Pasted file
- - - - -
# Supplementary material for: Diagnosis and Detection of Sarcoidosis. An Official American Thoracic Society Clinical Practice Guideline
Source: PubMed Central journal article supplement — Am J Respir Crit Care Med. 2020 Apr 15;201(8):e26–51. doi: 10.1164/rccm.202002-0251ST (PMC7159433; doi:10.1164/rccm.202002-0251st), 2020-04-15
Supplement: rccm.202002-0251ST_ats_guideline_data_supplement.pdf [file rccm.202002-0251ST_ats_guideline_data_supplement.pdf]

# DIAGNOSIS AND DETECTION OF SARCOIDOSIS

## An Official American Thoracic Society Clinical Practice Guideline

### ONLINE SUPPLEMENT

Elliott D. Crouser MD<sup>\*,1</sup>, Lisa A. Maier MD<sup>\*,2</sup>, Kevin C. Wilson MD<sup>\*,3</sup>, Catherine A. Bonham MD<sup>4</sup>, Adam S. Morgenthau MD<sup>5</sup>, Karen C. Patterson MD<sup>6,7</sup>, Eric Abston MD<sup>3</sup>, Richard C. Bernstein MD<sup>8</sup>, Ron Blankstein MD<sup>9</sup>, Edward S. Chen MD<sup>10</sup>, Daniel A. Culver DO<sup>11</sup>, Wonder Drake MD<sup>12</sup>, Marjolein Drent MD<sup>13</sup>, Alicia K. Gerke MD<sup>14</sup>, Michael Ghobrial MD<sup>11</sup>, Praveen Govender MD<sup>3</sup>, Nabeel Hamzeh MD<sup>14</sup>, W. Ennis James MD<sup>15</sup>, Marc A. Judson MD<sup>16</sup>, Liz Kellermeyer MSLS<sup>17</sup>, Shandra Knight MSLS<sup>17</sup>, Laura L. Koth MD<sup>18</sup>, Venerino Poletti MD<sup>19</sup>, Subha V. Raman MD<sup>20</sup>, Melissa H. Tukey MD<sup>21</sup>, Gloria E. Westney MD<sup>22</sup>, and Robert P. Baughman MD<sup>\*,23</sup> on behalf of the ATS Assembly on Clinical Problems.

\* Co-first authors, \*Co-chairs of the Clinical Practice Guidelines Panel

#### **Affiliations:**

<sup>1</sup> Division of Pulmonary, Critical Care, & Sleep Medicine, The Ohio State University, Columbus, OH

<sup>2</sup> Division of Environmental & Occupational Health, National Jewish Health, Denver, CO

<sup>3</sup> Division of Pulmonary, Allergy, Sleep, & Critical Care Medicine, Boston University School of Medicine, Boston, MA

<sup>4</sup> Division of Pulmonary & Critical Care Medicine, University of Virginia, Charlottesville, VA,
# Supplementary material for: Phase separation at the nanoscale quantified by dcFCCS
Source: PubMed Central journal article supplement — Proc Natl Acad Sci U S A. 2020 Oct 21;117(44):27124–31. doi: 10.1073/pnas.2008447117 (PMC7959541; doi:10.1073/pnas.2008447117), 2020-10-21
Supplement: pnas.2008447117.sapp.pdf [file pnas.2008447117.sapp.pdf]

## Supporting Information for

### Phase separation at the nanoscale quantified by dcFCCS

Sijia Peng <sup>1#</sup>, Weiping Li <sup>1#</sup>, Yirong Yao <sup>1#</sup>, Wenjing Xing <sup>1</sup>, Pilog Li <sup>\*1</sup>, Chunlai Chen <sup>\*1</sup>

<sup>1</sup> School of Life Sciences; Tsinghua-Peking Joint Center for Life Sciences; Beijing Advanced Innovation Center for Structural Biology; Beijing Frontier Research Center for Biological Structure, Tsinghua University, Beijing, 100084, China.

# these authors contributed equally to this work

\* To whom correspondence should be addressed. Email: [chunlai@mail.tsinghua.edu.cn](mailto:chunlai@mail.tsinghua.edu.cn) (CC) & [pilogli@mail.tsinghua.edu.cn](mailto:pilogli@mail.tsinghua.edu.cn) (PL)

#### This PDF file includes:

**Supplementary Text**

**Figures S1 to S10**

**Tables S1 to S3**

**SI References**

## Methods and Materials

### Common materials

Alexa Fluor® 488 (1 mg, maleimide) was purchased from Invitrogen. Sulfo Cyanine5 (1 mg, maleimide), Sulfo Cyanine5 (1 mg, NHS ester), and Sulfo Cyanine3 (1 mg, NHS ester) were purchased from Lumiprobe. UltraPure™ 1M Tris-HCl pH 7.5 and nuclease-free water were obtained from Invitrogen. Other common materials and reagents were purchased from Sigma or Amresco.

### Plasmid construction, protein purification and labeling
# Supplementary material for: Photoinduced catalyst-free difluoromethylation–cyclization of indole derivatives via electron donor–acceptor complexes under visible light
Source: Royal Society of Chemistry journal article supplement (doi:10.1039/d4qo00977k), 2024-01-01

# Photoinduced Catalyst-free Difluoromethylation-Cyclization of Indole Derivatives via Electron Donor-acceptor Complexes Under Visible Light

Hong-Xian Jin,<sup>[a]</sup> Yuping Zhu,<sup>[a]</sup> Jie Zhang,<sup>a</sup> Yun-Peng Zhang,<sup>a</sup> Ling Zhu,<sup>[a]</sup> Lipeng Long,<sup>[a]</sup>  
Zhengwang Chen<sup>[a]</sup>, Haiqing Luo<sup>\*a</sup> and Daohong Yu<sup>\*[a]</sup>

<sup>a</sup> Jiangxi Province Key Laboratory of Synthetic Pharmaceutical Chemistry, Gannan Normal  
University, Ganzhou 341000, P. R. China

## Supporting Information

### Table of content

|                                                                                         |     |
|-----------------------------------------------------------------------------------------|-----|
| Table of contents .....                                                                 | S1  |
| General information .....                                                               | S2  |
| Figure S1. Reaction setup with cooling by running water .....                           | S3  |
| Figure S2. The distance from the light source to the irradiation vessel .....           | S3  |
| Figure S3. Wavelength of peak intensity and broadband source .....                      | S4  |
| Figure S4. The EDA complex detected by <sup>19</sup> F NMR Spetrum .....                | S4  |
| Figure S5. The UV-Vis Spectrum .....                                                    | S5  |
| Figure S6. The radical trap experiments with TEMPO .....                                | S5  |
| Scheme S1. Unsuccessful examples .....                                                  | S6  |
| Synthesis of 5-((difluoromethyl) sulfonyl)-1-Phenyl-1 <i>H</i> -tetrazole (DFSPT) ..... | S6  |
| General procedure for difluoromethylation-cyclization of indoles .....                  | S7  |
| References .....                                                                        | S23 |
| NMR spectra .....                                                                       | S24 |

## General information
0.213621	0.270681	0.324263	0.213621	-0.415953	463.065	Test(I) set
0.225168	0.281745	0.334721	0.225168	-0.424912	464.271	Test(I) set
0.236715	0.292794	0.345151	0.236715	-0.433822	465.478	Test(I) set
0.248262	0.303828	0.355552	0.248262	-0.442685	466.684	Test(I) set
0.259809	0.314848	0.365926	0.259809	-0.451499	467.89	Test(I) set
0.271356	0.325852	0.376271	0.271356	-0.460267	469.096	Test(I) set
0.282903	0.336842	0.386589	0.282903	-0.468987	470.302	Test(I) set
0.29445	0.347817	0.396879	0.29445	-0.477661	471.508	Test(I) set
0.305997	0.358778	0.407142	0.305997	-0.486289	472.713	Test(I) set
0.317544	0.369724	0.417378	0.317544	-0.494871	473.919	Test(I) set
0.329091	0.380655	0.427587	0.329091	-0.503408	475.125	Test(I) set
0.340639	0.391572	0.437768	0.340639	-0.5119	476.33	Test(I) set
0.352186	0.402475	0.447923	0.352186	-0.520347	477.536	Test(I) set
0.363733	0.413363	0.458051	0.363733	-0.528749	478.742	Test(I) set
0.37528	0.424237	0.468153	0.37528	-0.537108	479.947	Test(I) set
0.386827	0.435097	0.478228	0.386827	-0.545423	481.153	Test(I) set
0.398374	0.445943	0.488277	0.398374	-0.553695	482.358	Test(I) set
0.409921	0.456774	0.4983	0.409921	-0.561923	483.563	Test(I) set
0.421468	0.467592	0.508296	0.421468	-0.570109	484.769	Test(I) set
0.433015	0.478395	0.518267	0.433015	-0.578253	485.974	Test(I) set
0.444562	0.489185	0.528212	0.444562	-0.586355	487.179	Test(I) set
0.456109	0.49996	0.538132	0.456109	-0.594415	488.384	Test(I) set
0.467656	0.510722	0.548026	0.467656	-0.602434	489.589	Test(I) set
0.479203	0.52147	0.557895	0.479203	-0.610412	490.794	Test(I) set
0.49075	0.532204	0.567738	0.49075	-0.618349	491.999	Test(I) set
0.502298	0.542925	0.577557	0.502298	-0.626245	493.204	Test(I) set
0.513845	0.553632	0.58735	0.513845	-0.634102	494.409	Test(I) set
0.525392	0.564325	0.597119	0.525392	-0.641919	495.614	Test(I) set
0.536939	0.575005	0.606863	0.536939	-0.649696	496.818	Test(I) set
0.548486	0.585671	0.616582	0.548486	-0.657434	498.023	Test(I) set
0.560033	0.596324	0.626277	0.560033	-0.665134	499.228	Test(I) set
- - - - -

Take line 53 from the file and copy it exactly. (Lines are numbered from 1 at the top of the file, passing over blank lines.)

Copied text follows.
| General procedure for difluoromethylation-cyclization of indoles .....                  | S7  |